Creating change for the good, out of an inner experience of communion and a deeper knowing of what is real, good, true, and beautiful. From this place our energy is positive

Connecting with our inner experience of communion, our actions can be pure, clear, and firm. This kind of action, rooted in one’s True Self, comes from a deeper knowing of what is real, good, true, and beautiful—beyond labels and dualistic judgments of right or wrong. From this place, our energy is positive and has the most potential to create change for the good.

From Fr. Richard Rohr, August 2019

The root of violence is the illusion of separation—from God, from being one with oneself and everything else, and from Being Itself.

When we don’t know how to consciously live out of union (which is called love), we resort to violence, fighting anything that is not like us and that we cannot control. Contemplative practice teaches us to honor differences and also realize that we are all much more than our nationality, skin color, gender, or other labels which are all aspects of the passing and thus false self. Contemplation brings us back to our True Self, who we are in God.

This is the wisdom of the Gospel that is especially emphasized in Franciscan spirituality. At this place of both poverty and freedom we have nothing to prove or protect. Here we can connect with everything and everyone. Everything belongs. This cuts violence at its very roots before there is any basis for fear, anger, vengeance, or self-promotion—the things that often cause violence.

One of the reasons I founded the Center for Action and Contemplation thirty-two years ago was to give activists some grounding in spirituality (their True Self) so they could continue working for social change, but from a stance much different than anger, ideology, or oppositional willpower. Many activists I knew in the 1960s loved the nonviolent teachings of Jesus, Mohandas Gandhi (1869–1948), and Martin Luther King, Jr. (1929–1968). But it became clear to me that theirs was often a mere intellectual appreciation rather than a participation in the much deeper mystery.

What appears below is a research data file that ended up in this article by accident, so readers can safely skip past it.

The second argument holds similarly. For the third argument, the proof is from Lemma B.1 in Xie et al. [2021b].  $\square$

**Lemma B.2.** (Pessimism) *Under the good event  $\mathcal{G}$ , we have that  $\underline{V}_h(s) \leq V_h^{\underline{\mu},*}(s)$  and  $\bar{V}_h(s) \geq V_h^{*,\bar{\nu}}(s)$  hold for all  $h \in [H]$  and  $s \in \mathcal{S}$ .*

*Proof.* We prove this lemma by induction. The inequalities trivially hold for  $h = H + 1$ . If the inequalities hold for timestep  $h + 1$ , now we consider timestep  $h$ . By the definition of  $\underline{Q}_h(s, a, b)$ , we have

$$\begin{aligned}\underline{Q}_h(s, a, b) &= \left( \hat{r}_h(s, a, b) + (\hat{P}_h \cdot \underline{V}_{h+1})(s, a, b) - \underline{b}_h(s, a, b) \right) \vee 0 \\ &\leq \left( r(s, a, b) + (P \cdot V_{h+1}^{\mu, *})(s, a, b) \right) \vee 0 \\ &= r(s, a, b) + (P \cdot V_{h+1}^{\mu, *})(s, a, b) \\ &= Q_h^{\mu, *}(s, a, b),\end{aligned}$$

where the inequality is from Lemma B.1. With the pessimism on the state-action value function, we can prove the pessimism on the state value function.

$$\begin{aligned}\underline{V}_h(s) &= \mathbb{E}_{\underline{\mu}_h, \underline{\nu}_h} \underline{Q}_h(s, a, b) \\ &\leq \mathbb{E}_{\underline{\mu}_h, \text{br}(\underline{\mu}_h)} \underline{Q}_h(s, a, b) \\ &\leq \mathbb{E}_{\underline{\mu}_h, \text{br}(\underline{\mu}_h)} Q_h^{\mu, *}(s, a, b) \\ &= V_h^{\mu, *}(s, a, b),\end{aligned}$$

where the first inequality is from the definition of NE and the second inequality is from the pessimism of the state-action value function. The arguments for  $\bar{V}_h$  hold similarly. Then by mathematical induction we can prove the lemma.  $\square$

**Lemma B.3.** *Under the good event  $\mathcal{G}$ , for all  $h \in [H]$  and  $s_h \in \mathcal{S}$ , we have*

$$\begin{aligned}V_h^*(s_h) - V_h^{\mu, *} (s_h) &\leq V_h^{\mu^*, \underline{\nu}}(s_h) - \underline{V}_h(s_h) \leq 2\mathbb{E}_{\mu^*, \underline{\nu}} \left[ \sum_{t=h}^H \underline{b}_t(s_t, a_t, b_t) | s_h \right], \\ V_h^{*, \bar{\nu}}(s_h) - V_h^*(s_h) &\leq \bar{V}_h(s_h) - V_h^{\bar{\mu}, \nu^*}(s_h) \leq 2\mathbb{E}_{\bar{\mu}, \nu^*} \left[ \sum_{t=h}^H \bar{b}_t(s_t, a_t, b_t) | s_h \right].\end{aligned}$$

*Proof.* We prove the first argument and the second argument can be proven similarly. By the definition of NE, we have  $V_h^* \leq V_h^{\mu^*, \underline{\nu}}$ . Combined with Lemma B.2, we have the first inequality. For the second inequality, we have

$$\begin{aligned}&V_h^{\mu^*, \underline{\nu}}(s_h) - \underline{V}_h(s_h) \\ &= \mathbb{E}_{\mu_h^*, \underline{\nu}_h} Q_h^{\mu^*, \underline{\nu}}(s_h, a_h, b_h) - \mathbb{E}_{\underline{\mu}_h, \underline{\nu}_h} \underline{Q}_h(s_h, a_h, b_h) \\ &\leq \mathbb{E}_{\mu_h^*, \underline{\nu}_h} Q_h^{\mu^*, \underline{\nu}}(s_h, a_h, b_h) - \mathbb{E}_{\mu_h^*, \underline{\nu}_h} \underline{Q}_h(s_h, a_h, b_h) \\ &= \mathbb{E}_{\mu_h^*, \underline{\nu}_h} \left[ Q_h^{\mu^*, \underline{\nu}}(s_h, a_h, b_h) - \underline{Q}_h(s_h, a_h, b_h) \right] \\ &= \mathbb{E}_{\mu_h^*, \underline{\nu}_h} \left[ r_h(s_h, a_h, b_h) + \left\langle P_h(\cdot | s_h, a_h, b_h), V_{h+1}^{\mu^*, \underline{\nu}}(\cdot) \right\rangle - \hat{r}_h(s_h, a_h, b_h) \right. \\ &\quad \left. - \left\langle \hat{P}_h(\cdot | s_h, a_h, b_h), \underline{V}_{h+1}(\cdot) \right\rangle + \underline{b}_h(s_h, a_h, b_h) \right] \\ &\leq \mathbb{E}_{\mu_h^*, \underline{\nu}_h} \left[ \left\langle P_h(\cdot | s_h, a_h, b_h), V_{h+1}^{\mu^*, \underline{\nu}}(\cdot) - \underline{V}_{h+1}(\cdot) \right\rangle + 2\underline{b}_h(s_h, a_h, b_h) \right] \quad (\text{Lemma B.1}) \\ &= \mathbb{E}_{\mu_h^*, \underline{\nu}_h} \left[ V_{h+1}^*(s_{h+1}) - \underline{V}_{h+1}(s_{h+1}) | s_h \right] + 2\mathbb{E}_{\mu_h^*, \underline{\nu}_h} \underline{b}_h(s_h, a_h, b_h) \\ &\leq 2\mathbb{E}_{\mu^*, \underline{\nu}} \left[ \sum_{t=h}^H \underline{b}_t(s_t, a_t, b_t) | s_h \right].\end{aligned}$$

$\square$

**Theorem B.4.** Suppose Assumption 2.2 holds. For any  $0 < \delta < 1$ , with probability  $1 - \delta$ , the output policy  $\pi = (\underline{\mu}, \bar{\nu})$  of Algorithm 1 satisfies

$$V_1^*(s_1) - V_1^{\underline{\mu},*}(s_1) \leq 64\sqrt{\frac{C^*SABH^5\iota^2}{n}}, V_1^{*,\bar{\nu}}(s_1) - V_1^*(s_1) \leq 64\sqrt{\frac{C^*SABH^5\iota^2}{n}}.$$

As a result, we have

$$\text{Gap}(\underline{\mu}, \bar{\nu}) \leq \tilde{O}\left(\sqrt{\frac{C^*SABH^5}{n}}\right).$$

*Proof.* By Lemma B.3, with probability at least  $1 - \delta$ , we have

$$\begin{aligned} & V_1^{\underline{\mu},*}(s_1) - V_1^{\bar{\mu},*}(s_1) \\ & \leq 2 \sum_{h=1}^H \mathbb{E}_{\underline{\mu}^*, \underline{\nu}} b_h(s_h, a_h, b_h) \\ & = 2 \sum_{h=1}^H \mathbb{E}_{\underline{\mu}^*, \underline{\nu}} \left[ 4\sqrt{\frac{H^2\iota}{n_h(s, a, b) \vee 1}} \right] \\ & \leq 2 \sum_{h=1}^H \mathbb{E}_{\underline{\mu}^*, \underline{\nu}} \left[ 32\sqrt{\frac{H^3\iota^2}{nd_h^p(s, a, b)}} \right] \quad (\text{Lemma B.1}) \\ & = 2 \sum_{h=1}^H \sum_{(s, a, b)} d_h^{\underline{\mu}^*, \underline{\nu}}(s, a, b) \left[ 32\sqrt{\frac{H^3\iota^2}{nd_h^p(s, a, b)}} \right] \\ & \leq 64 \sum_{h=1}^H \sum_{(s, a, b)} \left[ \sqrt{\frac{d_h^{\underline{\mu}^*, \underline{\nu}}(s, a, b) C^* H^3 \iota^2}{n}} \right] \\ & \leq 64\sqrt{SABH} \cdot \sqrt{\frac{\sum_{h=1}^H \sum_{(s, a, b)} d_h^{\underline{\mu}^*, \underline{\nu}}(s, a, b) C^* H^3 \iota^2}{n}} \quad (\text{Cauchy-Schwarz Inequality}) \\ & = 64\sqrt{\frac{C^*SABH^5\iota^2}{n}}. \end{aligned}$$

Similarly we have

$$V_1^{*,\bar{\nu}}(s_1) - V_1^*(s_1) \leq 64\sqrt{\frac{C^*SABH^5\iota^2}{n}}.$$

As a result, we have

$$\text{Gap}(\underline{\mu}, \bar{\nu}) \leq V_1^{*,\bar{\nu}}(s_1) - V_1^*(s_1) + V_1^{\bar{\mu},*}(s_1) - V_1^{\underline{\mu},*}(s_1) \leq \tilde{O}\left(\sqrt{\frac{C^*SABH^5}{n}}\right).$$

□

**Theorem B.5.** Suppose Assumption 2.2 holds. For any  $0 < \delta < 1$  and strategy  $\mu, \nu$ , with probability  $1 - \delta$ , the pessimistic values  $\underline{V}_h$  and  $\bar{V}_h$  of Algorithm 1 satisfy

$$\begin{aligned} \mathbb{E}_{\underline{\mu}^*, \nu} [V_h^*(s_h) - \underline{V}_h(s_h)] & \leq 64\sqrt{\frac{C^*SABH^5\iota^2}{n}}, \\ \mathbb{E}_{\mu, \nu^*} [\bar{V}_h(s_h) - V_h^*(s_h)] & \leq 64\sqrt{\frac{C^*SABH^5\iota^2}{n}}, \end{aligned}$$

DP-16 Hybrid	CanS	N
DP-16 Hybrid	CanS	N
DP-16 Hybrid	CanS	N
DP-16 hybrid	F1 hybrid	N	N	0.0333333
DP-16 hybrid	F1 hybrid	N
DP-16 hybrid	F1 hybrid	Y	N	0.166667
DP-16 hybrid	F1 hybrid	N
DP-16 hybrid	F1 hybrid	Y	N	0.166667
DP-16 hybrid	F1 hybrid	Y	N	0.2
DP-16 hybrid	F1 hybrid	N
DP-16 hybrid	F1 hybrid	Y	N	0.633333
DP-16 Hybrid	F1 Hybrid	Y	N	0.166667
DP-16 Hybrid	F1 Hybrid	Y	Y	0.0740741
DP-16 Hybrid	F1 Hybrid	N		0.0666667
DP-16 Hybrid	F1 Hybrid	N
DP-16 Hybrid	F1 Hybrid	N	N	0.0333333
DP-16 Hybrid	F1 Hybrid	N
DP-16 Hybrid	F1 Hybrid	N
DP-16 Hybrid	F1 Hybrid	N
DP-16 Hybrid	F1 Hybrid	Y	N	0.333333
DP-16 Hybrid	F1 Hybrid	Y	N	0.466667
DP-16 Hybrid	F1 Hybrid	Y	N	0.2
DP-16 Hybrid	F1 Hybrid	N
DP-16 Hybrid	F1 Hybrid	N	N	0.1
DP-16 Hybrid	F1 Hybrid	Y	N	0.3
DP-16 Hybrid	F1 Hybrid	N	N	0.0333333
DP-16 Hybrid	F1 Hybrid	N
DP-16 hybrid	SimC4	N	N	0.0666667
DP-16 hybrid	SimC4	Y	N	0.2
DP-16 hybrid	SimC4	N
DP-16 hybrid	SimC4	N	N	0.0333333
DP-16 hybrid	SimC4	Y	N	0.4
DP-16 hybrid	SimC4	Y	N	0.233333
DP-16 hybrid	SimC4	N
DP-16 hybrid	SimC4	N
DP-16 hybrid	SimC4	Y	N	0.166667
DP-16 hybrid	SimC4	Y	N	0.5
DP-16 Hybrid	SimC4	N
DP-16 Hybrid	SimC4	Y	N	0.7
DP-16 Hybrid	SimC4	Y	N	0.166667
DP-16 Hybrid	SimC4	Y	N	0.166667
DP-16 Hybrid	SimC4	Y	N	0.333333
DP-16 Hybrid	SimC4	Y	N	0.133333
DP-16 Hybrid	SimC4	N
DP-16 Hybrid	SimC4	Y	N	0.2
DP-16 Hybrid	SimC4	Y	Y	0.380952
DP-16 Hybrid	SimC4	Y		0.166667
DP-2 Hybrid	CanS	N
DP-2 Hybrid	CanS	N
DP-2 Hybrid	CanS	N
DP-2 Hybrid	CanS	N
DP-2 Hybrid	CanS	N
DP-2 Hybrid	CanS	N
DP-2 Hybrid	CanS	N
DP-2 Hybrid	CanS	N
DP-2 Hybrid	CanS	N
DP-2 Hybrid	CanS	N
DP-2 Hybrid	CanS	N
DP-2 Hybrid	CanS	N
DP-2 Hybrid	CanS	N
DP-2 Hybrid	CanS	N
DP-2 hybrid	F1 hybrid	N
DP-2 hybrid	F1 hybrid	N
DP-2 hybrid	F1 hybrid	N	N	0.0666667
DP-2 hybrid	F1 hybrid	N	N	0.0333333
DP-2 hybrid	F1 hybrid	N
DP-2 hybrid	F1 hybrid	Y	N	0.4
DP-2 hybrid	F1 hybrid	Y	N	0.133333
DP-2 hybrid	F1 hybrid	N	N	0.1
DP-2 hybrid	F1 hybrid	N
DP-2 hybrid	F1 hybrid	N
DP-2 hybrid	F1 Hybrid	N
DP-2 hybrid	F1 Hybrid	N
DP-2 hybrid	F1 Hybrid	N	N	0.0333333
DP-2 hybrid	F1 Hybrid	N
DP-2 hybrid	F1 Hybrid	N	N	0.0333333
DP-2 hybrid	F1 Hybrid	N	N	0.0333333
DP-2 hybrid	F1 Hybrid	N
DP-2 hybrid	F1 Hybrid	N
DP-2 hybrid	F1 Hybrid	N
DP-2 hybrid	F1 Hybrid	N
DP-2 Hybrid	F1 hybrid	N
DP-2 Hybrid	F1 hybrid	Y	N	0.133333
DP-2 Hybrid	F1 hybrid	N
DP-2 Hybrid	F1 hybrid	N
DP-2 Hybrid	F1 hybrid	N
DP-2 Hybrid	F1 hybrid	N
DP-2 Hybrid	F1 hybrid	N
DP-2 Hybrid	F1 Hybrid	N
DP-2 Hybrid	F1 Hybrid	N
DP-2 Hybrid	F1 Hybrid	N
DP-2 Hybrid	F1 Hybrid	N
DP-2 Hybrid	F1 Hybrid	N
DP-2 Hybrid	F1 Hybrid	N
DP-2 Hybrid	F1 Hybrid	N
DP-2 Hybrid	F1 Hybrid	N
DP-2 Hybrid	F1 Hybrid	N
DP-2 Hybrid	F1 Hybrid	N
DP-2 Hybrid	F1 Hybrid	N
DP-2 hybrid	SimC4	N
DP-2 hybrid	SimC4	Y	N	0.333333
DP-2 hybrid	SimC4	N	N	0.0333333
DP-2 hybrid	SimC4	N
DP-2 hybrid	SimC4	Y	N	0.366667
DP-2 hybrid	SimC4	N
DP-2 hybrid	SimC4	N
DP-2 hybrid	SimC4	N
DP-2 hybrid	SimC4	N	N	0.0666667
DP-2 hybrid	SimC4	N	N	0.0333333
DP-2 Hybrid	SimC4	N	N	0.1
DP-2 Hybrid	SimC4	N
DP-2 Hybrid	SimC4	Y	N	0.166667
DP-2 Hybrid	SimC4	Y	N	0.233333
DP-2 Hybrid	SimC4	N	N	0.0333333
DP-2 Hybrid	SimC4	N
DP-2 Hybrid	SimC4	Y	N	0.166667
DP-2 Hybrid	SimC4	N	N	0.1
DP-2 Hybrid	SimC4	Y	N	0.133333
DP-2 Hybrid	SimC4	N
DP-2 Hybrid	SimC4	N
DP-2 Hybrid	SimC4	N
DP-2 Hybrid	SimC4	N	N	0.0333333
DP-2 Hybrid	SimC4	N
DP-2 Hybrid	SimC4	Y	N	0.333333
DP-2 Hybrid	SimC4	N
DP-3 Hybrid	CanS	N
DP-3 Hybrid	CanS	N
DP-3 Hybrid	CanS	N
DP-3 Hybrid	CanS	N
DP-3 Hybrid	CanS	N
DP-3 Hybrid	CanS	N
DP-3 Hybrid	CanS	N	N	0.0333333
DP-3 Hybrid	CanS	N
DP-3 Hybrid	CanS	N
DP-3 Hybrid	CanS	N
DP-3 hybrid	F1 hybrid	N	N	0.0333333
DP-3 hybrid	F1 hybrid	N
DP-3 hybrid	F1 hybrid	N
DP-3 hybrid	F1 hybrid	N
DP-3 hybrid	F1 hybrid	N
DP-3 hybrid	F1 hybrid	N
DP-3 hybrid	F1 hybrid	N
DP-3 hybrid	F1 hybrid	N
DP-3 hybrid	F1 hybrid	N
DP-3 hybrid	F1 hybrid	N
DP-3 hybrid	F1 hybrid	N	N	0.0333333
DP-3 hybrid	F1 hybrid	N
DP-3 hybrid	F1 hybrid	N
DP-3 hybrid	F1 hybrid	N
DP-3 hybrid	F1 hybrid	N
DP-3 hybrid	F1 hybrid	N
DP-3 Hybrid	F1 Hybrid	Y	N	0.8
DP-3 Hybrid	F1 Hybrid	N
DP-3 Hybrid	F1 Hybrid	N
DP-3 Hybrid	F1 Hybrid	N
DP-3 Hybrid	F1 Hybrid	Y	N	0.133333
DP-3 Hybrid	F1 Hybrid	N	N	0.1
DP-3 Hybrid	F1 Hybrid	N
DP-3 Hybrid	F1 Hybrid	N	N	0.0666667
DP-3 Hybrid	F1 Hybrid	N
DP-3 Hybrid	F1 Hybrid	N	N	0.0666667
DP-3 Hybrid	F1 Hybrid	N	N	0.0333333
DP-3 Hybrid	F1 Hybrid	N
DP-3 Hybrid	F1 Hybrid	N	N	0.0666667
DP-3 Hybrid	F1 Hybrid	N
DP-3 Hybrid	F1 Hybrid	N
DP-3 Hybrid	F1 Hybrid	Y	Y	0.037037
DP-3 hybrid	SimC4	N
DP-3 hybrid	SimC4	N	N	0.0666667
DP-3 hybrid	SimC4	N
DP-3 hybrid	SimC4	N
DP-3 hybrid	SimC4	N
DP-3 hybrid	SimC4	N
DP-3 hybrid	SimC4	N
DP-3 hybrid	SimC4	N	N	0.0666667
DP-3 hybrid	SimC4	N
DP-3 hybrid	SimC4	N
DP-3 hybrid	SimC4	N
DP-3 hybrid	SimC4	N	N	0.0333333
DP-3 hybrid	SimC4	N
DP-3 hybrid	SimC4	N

To create peaceful change, we first have to get the “Who” right. Who are you? Most of us, particularly pragmatic Americans, lead with strategic questions—what, how, when. These are secondary questions. Before we act or react, we need to wait—wait for communion, wait until we’re reconnected to the Ground of Being and even in our “enemies,” wait until we’re conscious, wait until a “yes” appears within us.

When we begin by connecting with our inner experience of communion, our actions can be pure, clear, and firm. This kind of action, rooted in one’s True Self, comes from a deeper knowing of what is real, good, true, and beautiful—beyond labels and dualistic judgments of right or wrong. From this place, our energy is positive and has the most potential to create change for the good. This stance is precisely what we mean by “being in prayer” and why we must pray always to maintain this state of constant prayer.

I’m not telling you not to act. The Gospel offers a way to make our action sustainable and lasting over the long haul. People on the Right tend to be perpetually angry, fearful, and overly defensive, and people on the Left tend to be perpetually cynical, morally righteous, and outraged. The Gospel calls forth a refined instrument beyond these two falsehoods that can really make a difference because it is a new level of consciousness altogether. Such activists are themselves “a new creation” (Galatians 6:15) and the lightning rods of God’s transformative energy into the world.

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